• Richard Kadri-Langford

Is Dementia the same as Alzheimer’s?

Dementia and Alzheimer’s: two words which have the ability to strike fear into those who are perhaps becoming a little forgetful in later life. But how concerned should we be? Are dementia and Alzheimer’s interchangeable as terms, and is a little forgetfulness something to be concerned about?


Let’s start by saying that any changes should be discussed with a doctor. They will be able to rule out any underlying health conditions in the first instance. For example, an underactive thyroid could lead to a slowing down of cognitive ability and memory problems but can easily be treated with replacement thyroid hormones.


Even when potential underlying issues have been ruled out, we should remember that some memory slow-down is a natural part of growing old. To illustrate this, the Alzheimer’s Society [1] has a handy online table which looks at some of the differences between natural ageing and possible signs of vascular dementia or Alzheimer’s disease. For example, forgetting where you put your keys but being able to find them after a search may well be a sign of growing older, whereas putting keys in the fridge might signal the potential development of some form of dementia.

This leads us on to the relationship between dementia and Alzheimer’s. In effect dementia is an umbrella term used for a group of conditions which are severe enough to eventually lead to a deterioration in our ability to cope with day to day living. Within this overall group, Alzheimer’s disease is the most commonly occurring condition, followed by vascular dementia. According to the World Health Organisation, Alzheimer’s accounts for some 60-70% of dementia cases. [2]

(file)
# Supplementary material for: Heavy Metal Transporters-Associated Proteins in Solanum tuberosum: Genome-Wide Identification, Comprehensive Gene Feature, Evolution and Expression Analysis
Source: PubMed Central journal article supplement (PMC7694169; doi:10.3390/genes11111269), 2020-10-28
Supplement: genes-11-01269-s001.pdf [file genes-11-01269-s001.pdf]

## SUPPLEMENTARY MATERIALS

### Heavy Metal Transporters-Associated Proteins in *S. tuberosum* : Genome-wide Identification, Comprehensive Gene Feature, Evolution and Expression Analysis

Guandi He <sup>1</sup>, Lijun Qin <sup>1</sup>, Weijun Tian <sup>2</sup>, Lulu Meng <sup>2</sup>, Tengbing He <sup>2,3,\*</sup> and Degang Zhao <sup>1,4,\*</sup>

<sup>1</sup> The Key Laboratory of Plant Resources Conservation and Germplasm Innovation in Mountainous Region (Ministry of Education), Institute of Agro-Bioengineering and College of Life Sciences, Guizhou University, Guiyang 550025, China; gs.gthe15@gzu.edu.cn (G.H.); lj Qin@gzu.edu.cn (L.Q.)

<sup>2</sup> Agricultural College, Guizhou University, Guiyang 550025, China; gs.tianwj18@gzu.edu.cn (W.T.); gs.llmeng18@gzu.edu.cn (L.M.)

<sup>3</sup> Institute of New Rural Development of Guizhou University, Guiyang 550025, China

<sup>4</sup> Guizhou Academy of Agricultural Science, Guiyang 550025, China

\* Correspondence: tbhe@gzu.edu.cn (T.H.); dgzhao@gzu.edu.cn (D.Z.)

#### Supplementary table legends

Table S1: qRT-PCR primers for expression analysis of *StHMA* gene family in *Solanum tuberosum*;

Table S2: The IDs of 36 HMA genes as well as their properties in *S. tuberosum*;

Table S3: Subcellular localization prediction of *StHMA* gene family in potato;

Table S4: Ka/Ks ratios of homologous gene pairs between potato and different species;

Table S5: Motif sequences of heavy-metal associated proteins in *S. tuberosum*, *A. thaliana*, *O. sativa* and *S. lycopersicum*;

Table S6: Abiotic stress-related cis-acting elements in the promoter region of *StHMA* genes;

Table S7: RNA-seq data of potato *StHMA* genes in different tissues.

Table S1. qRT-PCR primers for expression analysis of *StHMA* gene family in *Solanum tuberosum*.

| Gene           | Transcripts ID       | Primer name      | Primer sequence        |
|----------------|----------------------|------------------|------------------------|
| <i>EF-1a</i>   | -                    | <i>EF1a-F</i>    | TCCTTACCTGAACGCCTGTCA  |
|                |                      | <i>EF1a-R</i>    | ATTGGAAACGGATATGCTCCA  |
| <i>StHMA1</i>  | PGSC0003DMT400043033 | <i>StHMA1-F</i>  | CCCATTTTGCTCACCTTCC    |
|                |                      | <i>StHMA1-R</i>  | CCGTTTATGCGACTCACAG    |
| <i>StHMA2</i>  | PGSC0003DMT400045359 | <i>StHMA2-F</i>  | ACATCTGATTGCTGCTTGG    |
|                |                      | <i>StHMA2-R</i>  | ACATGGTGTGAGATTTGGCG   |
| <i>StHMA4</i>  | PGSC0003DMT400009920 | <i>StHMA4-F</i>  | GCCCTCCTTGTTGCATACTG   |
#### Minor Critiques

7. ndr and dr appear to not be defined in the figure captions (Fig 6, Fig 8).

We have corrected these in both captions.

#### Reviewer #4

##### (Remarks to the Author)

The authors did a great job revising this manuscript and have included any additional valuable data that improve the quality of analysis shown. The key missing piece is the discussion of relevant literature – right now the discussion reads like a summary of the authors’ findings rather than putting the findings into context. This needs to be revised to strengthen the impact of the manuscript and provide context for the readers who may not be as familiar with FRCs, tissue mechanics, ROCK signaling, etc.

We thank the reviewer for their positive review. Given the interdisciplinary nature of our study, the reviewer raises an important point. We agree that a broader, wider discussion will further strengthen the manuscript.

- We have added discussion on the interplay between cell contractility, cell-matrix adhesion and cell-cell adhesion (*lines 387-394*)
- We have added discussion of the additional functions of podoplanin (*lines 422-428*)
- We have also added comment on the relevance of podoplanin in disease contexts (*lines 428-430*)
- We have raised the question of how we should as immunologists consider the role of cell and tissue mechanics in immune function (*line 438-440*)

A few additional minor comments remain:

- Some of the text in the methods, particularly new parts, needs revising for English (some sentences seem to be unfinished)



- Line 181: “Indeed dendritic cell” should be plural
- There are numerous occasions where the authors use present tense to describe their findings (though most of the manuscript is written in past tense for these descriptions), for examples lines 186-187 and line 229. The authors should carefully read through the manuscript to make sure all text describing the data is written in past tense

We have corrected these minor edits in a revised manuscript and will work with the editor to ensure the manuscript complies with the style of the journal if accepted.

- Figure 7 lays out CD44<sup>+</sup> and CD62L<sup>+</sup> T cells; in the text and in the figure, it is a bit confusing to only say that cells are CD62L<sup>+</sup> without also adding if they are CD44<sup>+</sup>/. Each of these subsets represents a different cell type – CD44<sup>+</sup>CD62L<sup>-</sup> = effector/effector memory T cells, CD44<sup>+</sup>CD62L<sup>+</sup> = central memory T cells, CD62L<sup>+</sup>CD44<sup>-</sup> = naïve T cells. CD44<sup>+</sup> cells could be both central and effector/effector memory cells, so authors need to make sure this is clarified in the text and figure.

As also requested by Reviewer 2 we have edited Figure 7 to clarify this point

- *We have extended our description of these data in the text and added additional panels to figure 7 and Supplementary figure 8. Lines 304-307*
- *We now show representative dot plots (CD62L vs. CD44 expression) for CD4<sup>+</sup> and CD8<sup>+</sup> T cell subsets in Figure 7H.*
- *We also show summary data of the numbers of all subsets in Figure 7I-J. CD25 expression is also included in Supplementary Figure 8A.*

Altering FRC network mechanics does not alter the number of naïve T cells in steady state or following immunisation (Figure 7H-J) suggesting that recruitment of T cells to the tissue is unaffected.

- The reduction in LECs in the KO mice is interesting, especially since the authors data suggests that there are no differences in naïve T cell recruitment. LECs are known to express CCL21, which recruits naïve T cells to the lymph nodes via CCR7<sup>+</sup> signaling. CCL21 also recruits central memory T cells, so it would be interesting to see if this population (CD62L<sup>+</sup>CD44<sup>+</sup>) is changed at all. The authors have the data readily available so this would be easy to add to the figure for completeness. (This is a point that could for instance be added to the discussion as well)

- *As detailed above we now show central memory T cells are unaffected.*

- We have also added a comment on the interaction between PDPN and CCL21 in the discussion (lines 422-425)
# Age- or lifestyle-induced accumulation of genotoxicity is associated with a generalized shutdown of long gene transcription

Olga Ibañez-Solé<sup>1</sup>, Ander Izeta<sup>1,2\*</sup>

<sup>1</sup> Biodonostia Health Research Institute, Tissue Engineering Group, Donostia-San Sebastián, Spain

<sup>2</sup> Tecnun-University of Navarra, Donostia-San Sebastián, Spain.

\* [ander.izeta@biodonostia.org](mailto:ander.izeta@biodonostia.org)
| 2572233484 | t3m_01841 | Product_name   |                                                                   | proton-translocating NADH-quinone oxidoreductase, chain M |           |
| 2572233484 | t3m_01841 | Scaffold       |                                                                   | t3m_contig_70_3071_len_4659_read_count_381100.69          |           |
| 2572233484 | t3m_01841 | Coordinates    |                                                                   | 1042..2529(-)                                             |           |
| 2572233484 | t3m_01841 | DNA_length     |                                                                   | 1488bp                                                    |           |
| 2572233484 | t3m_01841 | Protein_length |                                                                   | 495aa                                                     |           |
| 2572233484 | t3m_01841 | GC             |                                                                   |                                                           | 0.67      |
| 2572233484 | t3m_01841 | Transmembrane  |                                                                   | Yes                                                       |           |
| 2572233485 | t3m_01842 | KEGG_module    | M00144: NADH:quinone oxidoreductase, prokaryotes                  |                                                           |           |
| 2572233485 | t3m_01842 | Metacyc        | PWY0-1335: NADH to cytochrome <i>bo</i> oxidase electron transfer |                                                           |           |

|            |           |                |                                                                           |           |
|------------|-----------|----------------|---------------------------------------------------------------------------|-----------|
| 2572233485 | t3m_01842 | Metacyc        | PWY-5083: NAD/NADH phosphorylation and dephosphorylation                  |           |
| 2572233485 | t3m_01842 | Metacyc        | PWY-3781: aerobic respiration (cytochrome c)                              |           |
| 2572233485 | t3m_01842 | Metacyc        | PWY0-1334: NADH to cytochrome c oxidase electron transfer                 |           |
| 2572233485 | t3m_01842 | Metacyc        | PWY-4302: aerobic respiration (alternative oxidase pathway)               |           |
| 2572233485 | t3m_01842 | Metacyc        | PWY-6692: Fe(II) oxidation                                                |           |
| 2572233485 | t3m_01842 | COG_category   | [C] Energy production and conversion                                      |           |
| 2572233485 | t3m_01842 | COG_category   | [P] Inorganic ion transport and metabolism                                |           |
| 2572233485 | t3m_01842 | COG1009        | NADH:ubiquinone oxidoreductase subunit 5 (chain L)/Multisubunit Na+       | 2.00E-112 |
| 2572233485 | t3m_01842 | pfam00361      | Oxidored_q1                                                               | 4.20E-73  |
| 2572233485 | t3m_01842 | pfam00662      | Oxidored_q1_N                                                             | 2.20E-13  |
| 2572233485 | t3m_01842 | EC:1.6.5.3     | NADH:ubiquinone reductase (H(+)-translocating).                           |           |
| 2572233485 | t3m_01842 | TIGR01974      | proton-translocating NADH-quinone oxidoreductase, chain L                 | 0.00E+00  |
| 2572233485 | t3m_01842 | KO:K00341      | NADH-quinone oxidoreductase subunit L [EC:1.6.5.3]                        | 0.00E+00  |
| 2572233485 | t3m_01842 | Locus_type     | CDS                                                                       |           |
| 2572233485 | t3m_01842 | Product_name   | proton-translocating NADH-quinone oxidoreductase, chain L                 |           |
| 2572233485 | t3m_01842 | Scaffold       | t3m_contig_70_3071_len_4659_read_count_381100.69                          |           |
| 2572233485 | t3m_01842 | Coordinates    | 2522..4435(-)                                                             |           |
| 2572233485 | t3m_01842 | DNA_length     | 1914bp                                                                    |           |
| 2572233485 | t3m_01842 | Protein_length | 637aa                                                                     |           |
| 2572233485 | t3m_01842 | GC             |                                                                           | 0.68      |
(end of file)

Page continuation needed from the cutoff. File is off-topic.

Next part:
Knowing which type of dementia an individual may be suffering from enables doctors not only to anticipate the potential progress of the disease but also to provide appropriate medicines and therapies. These may well vary according to the type of dementia diagnosed. Whilst there is currently no known cure for Alzheimer’s, the earlier the diagnosis, the sooner that treatments can be put in place which may slow down development or ease symptoms.


That’s one reason why Dementia Action Week which runs from 16-22 May 2022 is so important. Thanks partly to the impact of Covid, dementia diagnosis rates have fallen to a five year low. That potentially leaves a considerable number of individuals without a diagnosis and therefore without the help which they and their loved ones need in order to manage this important challenge in their lives.


So how can Occuity help in the diagnosis of Alzheimer’s? Whilst we are currently developing a non-contact handheld device that uses innovative optical technology to screen for diabetes through a simple scan of the eye, we hope to build upon this technology by applying our knowledge and research to design a device that can be used for the screening of Alzheimer’s disease.




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